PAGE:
Moccasin making offers the spirit of walking a path for the future

By Ken Luchterhand

Moccasins are soft leather slippers or shoes, without a separate heel, having the sole turned up on all sides and sewn to the upper in a simple gathered seam.
That’s the literal definition.
However, moccasins take on a much bigger role when they play a role in the gathering of people to heal and to forge the path ahead for a better tomorrow.
Leaders and clients from Vocational Rehabilitation for Native Americans (VRNA), Ho-Chunk Life Skills, The Ho-Chunk Family Court, and the Department of Vocational Rehabilitation (DVR), gathered on Tuesday, June 5, at the VRNA office in Black River Falls to make moccasins.
The moccasins were to keep for themselves or to offer as presents to others. They get a lot of the supplies from Crazy Crow Trading Post, including the leather and sinew.
Like other projects created in the VRNA office, the efforts are to provide skill training, plus a sense of unity to tackle the needs of becoming employed and independent.
Moccasins can be helpful to protect the feet when traveling down the path of life. However, the actual making of moccasins can help determine what path the wearer will take.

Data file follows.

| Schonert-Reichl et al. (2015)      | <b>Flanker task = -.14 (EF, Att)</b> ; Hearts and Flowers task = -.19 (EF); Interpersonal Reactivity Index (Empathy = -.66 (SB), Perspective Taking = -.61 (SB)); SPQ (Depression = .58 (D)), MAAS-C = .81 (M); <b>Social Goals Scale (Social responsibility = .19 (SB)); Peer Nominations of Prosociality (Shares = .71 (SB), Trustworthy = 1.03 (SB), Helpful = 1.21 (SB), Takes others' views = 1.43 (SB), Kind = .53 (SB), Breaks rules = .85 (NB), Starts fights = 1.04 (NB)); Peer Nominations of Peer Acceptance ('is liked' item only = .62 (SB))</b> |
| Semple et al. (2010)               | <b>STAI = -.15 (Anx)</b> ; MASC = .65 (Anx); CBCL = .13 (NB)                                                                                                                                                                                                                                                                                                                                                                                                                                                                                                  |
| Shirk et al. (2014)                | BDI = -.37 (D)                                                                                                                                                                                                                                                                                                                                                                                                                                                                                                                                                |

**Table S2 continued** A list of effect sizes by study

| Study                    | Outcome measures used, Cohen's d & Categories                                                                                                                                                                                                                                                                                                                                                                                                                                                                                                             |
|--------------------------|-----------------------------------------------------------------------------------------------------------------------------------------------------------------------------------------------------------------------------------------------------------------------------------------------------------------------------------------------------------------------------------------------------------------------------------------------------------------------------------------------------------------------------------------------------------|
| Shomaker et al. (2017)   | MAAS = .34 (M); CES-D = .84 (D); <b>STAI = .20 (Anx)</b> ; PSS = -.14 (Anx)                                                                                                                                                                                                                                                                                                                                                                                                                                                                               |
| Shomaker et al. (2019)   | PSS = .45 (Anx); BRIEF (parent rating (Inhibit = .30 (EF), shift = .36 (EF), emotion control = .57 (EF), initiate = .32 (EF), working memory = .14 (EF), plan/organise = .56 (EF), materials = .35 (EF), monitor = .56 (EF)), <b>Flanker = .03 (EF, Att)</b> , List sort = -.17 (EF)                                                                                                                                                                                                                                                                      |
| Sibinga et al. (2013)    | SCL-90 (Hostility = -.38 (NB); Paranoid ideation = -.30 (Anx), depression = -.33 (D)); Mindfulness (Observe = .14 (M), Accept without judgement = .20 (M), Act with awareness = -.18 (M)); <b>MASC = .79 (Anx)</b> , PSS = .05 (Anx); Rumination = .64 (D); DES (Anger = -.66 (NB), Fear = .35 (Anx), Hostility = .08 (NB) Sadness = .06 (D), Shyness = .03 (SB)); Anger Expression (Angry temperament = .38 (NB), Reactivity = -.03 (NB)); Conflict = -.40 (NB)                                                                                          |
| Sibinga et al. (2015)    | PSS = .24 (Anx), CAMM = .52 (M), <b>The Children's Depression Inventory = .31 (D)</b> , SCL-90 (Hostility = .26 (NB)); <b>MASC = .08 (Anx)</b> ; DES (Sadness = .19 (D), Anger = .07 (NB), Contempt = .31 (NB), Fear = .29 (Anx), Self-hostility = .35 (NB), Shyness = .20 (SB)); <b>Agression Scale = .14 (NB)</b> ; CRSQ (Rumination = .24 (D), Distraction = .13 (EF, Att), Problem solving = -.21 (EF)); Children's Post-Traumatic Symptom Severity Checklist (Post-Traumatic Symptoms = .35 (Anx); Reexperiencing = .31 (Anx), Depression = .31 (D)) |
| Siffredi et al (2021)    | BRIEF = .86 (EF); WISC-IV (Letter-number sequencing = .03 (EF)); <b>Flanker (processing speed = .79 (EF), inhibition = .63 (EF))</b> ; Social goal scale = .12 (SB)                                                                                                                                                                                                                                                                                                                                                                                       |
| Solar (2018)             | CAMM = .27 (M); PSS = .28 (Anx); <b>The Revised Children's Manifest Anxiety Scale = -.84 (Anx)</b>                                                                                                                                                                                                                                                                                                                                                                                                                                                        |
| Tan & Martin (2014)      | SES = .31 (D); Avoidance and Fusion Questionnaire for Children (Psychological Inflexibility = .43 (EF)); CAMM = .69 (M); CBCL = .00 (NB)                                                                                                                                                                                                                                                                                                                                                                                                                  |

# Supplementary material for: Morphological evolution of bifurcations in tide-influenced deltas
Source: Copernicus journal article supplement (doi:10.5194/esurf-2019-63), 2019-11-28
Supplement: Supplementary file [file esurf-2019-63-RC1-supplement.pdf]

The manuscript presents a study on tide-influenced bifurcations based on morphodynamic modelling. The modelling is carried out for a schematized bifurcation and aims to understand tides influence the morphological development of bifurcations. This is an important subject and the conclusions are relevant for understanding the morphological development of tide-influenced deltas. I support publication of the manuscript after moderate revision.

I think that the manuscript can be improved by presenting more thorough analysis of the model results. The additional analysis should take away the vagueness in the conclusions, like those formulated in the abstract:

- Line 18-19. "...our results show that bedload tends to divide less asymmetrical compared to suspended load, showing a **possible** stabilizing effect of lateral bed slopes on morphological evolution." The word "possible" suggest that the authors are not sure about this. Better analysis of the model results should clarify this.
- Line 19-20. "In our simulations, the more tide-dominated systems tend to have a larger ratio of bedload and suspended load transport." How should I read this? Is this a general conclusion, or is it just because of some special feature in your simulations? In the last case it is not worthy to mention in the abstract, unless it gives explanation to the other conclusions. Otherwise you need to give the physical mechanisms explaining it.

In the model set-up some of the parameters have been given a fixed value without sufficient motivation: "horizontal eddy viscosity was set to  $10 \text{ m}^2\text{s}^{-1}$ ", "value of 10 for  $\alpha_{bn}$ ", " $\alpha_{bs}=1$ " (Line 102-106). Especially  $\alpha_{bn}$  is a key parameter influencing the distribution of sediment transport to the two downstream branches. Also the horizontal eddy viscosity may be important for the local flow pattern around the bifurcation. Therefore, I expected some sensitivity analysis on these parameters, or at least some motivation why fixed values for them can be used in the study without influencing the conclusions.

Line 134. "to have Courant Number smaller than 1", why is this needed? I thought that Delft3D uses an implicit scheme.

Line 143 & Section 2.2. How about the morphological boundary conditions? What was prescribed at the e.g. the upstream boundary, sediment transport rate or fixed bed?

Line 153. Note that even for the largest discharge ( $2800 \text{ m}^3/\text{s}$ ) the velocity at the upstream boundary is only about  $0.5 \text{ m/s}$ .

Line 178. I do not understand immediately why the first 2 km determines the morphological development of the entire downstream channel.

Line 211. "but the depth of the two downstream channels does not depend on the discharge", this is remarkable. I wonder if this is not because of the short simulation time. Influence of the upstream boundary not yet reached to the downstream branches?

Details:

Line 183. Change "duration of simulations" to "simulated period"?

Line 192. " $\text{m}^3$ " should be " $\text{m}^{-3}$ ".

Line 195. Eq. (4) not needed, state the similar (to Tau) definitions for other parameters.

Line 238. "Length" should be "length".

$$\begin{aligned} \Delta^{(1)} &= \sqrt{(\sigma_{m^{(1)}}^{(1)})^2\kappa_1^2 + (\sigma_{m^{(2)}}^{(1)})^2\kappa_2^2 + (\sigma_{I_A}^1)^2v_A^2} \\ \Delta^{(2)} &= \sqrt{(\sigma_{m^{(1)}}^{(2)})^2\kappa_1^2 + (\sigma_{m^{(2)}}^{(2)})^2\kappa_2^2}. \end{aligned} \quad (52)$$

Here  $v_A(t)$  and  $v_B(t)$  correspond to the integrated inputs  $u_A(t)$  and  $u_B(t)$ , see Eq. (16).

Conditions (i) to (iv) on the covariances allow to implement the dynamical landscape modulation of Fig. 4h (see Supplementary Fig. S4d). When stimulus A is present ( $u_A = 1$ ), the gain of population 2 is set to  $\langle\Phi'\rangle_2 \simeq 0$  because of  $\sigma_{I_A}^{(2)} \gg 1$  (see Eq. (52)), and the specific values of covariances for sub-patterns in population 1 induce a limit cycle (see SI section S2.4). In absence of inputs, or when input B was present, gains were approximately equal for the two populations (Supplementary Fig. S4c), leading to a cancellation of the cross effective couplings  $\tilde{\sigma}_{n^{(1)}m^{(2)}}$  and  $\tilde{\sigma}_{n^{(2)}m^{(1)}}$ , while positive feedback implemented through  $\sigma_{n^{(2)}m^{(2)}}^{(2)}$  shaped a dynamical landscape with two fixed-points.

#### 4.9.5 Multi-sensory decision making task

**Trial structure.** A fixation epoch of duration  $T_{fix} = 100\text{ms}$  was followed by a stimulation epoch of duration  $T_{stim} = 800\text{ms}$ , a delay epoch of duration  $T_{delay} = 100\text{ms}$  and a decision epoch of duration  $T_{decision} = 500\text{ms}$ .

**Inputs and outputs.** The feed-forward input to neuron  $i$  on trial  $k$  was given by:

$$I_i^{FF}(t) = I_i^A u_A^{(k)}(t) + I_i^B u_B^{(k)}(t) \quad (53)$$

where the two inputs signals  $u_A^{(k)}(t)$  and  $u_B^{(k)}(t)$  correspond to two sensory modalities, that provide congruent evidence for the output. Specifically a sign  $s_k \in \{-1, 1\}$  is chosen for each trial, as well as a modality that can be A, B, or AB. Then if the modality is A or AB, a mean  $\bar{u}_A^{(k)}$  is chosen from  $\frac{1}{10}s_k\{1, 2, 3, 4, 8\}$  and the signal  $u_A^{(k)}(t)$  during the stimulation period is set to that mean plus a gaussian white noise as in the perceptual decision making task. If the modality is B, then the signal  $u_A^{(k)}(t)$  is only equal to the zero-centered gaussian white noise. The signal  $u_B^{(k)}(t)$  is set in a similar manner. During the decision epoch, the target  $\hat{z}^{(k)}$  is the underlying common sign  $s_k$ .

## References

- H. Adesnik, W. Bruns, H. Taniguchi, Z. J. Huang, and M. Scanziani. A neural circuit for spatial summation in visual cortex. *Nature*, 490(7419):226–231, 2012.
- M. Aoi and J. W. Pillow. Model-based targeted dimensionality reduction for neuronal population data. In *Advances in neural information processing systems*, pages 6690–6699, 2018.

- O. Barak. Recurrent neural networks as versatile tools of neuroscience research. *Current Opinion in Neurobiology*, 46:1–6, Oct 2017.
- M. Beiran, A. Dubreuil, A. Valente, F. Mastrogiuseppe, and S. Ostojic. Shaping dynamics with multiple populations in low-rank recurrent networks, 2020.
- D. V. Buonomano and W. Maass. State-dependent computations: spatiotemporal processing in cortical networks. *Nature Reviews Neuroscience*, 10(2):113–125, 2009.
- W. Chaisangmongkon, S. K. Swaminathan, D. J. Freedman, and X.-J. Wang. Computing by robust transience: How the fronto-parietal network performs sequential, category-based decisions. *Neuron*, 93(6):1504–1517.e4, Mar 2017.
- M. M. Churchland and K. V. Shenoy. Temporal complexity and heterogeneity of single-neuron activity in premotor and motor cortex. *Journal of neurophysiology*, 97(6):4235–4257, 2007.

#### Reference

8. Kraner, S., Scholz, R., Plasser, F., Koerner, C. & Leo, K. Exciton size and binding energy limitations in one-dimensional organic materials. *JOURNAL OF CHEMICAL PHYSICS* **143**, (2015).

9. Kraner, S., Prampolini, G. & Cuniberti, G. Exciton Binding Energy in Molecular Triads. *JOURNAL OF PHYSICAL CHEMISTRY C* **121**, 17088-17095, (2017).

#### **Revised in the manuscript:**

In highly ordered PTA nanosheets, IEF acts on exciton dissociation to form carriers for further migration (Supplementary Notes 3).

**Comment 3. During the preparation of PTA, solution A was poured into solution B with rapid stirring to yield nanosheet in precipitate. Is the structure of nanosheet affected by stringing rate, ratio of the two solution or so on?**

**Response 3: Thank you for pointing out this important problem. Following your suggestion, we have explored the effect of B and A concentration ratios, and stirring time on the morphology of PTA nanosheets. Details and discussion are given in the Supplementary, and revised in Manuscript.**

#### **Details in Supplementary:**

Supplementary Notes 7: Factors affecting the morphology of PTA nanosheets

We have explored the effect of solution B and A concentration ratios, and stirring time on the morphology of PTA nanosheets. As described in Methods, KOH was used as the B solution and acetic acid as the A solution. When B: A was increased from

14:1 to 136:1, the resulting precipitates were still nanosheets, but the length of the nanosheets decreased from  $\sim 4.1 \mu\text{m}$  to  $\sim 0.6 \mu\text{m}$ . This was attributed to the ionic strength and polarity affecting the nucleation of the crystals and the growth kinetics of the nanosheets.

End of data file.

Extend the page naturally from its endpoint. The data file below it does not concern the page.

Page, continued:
“These are skills that will last a lifetime,” said Ho-Chunk Nation Life Skills Coordinator Gayle Greendeer. “They can make them as gifts, or they can even go into business, making moccasins and selling them.”
Also helping direct the project was Life Skills Coordinator Macy Goodbear.
Goodbear has offered classes in Green Bay and Wittenberg. She’s looking at the possibility of holding classes in Nekoosa and Milwaukee as well.
They’re already being held in Black River Falls, Tomah, and Wisconsin Dells. Also, classes have been held in the youth centers for children in kindergarten through fourth grade.
Each Native American tribe makes their own moccasins different, Goodbear pointed out. She said that she had a woman who was part Oneida and part Ho-Chunk who knew how to make Oneida moccasins, but not in the Ho-Chunk style.
It was a joining of help, guidance, and direction.
“It’s a great project,” Greendeer said. “It’s traditional in Ho-Chunk culture.”